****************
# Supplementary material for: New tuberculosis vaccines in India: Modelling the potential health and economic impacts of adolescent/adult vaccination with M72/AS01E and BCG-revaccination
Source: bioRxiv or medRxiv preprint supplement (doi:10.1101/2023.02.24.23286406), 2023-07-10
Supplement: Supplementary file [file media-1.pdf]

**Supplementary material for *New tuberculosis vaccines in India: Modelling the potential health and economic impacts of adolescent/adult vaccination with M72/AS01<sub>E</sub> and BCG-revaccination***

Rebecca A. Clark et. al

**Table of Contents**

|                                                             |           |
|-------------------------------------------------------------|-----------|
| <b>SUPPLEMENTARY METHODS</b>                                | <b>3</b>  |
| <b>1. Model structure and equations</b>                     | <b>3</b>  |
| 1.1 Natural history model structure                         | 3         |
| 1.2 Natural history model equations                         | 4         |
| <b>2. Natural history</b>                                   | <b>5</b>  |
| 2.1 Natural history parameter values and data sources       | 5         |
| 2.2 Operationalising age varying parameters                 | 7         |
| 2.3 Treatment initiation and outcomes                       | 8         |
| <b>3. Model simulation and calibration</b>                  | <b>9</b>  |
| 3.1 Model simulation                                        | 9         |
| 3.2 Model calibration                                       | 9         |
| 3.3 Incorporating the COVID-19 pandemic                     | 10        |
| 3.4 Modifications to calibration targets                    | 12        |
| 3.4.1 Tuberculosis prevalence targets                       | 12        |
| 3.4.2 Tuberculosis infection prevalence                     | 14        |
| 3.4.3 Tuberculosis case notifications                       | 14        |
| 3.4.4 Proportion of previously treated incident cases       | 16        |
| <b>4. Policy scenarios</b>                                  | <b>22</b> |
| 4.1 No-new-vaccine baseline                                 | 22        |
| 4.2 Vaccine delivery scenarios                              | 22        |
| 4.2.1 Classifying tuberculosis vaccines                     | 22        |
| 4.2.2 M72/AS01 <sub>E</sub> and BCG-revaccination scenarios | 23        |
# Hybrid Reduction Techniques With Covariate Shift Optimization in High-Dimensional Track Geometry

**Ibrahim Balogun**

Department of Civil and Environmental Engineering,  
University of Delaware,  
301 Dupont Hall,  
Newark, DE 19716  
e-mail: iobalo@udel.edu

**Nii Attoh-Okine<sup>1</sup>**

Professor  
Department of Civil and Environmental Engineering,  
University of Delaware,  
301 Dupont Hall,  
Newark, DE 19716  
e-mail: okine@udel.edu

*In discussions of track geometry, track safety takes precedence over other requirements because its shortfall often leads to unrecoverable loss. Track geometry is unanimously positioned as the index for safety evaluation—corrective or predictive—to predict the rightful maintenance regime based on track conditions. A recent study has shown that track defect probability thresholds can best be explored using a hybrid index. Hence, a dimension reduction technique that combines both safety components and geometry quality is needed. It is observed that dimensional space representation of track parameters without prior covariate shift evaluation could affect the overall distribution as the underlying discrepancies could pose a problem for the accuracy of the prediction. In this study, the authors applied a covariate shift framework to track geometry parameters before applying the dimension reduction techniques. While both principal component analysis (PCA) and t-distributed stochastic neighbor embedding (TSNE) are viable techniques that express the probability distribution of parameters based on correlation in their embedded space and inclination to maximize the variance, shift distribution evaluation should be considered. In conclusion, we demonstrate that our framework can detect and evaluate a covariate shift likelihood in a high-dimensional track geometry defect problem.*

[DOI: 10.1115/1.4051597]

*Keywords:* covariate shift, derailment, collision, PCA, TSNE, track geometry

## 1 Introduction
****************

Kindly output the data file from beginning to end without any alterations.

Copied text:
# Supplementary material for: New tuberculosis vaccines in India: Modelling the potential health and economic impacts of adolescent/adult vaccination with M72/AS01E and BCG-revaccination
Source: bioRxiv or medRxiv preprint supplement (doi:10.1101/2023.02.24.23286406), 2023-07-10
Supplement: Supplementary file [file media-1.pdf]

**Supplementary material for *New tuberculosis vaccines in India: Modelling the potential health and economic impacts of adolescent/adult vaccination with M72/AS01<sub>E</sub> and BCG-revaccination***

Rebecca A. Clark et. al

**Table of Contents**

|                                                             |           |
|-------------------------------------------------------------|-----------|
| <b>SUPPLEMENTARY METHODS</b>                                | <b>3</b>  |
| <b>1. Model structure and equations</b>                     | <b>3</b>  |
| 1.1 Natural history model structure                         | 3         |
| 1.2 Natural history model equations                         | 4         |
| <b>2. Natural history</b>                                   | <b>5</b>  |
| 2.1 Natural history parameter values and data sources       | 5         |
| 2.2 Operationalising age varying parameters                 | 7         |
| 2.3 Treatment initiation and outcomes                       | 8         |
| <b>3. Model simulation and calibration</b>                  | <b>9</b>  |
| 3.1 Model simulation                                        | 9         |
| 3.2 Model calibration                                       | 9         |
| 3.3 Incorporating the COVID-19 pandemic                     | 10        |
| 3.4 Modifications to calibration targets                    | 12        |
| 3.4.1 Tuberculosis prevalence targets                       | 12        |
| 3.4.2 Tuberculosis infection prevalence                     | 14        |
| 3.4.3 Tuberculosis case notifications                       | 14        |
| 3.4.4 Proportion of previously treated incident cases       | 16        |
| <b>4. Policy scenarios</b>                                  | <b>22</b> |
| 4.1 No-new-vaccine baseline                                 | 22        |
| 4.2 Vaccine delivery scenarios                              | 22        |
| 4.2.1 Classifying tuberculosis vaccines                     | 22        |
| 4.2.2 M72/AS01 <sub>E</sub> and BCG-revaccination scenarios | 23        |
# Hybrid Reduction Techniques With Covariate Shift Optimization in High-Dimensional Track Geometry

**Ibrahim Balogun**

Department of Civil and Environmental Engineering,  
University of Delaware,  
301 Dupont Hall,  
Newark, DE 19716  
e-mail: iobalo@udel.edu

**Nii Attoh-Okine<sup>1</sup>**

Professor  
Department of Civil and Environmental Engineering,  
University of Delaware,  
301 Dupont Hall,  
Newark, DE 19716  
e-mail: okine@udel.edu

*In discussions of track geometry, track safety takes precedence over other requirements because its shortfall often leads to unrecoverable loss. Track geometry is unanimously positioned as the index for safety evaluation—corrective or predictive—to predict the rightful maintenance regime based on track conditions. A recent study has shown that track defect probability thresholds can best be explored using a hybrid index. Hence, a dimension reduction technique that combines both safety components and geometry quality is needed. It is observed that dimensional space representation of track parameters without prior covariate shift evaluation could affect the overall distribution as the underlying discrepancies could pose a problem for the accuracy of the prediction. In this study, the authors applied a covariate shift framework to track geometry parameters before applying the dimension reduction techniques. While both principal component analysis (PCA) and t-distributed stochastic neighbor embedding (TSNE) are viable techniques that express the probability distribution of parameters based on correlation in their embedded space and inclination to maximize the variance, shift distribution evaluation should be considered. In conclusion, we demonstrate that our framework can detect and evaluate a covariate shift likelihood in a high-dimensional track geometry defect problem.*

[DOI: 10.1115/1.4051597]

*Keywords:* covariate shift, derailment, collision, PCA, TSNE, track geometry

## 1 Introduction